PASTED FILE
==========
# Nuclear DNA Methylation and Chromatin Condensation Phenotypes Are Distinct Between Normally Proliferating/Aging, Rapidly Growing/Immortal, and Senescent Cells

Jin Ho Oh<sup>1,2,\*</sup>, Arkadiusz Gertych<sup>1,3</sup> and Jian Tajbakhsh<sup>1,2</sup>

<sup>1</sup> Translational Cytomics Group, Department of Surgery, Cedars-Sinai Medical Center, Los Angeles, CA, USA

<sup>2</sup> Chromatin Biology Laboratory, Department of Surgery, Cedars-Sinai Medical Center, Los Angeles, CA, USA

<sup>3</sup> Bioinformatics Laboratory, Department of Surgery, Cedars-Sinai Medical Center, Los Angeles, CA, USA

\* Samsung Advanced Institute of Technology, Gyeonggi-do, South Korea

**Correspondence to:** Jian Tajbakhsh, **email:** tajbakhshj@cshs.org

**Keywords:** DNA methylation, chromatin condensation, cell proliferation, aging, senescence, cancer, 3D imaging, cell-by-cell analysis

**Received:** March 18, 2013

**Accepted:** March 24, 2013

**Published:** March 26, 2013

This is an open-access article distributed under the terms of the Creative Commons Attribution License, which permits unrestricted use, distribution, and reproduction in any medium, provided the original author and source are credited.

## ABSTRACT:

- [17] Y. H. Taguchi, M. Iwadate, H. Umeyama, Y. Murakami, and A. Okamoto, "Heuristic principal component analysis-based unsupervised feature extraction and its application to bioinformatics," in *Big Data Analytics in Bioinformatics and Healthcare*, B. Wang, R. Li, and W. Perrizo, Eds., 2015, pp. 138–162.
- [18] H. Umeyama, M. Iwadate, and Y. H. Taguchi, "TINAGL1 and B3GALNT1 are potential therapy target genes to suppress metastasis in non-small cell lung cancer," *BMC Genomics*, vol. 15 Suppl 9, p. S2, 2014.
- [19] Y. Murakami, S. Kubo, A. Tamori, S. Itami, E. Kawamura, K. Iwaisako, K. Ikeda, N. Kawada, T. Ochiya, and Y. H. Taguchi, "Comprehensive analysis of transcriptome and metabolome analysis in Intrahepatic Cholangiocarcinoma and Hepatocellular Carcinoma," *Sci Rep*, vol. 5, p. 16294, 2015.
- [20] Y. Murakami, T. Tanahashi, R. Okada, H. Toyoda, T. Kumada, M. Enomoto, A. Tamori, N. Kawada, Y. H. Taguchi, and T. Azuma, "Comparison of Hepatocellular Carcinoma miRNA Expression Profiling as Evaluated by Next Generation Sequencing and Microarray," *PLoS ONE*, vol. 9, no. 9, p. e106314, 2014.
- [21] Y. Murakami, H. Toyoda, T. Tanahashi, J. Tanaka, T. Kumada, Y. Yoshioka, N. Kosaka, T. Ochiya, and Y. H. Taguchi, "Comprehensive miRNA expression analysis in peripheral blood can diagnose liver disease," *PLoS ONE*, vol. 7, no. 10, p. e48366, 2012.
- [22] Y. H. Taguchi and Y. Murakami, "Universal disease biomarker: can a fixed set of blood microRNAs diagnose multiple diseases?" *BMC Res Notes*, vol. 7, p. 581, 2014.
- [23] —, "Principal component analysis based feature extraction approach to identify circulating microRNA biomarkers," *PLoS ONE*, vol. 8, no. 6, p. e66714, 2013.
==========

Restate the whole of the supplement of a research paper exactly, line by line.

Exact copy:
# Nuclear DNA Methylation and Chromatin Condensation Phenotypes Are Distinct Between Normally Proliferating/Aging, Rapidly Growing/Immortal, and Senescent Cells

Jin Ho Oh<sup>1,2,\*</sup>, Arkadiusz Gertych<sup>1,3</sup> and Jian Tajbakhsh<sup>1,2</sup>

<sup>1</sup> Translational Cytomics Group, Department of Surgery, Cedars-Sinai Medical Center, Los Angeles, CA, USA

<sup>2</sup> Chromatin Biology Laboratory, Department of Surgery, Cedars-Sinai Medical Center, Los Angeles, CA, USA

<sup>3</sup> Bioinformatics Laboratory, Department of Surgery, Cedars-Sinai Medical Center, Los Angeles, CA, USA

\* Samsung Advanced Institute of Technology, Gyeonggi-do, South Korea

**Correspondence to:** Jian Tajbakhsh, **email:** tajbakhshj@cshs.org

**Keywords:** DNA methylation, chromatin condensation, cell proliferation, aging, senescence, cancer, 3D imaging, cell-by-cell analysis

**Received:** March 18, 2013

**Accepted:** March 24, 2013

**Published:** March 26, 2013

This is an open-access article distributed under the terms of the Creative Commons Attribution License, which permits unrestricted use, distribution, and reproduction in any medium, provided the original author and source are credited.

## ABSTRACT:

- [17] Y. H. Taguchi, M. Iwadate, H. Umeyama, Y. Murakami, and A. Okamoto, "Heuristic principal component analysis-based unsupervised feature extraction and its application to bioinformatics," in *Big Data Analytics in Bioinformatics and Healthcare*, B. Wang, R. Li, and W. Perrizo, Eds., 2015, pp. 138–162.
- [18] H. Umeyama, M. Iwadate, and Y. H. Taguchi, "TINAGL1 and B3GALNT1 are potential therapy target genes to suppress metastasis in non-small cell lung cancer," *BMC Genomics*, vol. 15 Suppl 9, p. S2, 2014.
- [19] Y. Murakami, S. Kubo, A. Tamori, S. Itami, E. Kawamura, K. Iwaisako, K. Ikeda, N. Kawada, T. Ochiya, and Y. H. Taguchi, "Comprehensive analysis of transcriptome and metabolome analysis in Intrahepatic Cholangiocarcinoma and Hepatocellular Carcinoma," *Sci Rep*, vol. 5, p. 16294, 2015.
- [20] Y. Murakami, T. Tanahashi, R. Okada, H. Toyoda, T. Kumada, M. Enomoto, A. Tamori, N. Kawada, Y. H. Taguchi, and T. Azuma, "Comparison of Hepatocellular Carcinoma miRNA Expression Profiling as Evaluated by Next Generation Sequencing and Microarray," *PLoS ONE*, vol. 9, no. 9, p. e106314, 2014.
- [21] Y. Murakami, H. Toyoda, T. Tanahashi, J. Tanaka, T. Kumada, Y. Yoshioka, N. Kosaka, T. Ochiya, and Y. H. Taguchi, "Comprehensive miRNA expression analysis in peripheral blood can diagnose liver disease," *PLoS ONE*, vol. 7, no. 10, p. e48366, 2012.
- [22] Y. H. Taguchi and Y. Murakami, "Universal disease biomarker: can a fixed set of blood microRNAs diagnose multiple diseases?" *BMC Res Notes*, vol. 7, p. 581, 2014.
- [23] —, "Principal component analysis based feature extraction approach to identify circulating microRNA biomarkers," *PLoS ONE*, vol. 8, no. 6, p. e66714, 2013.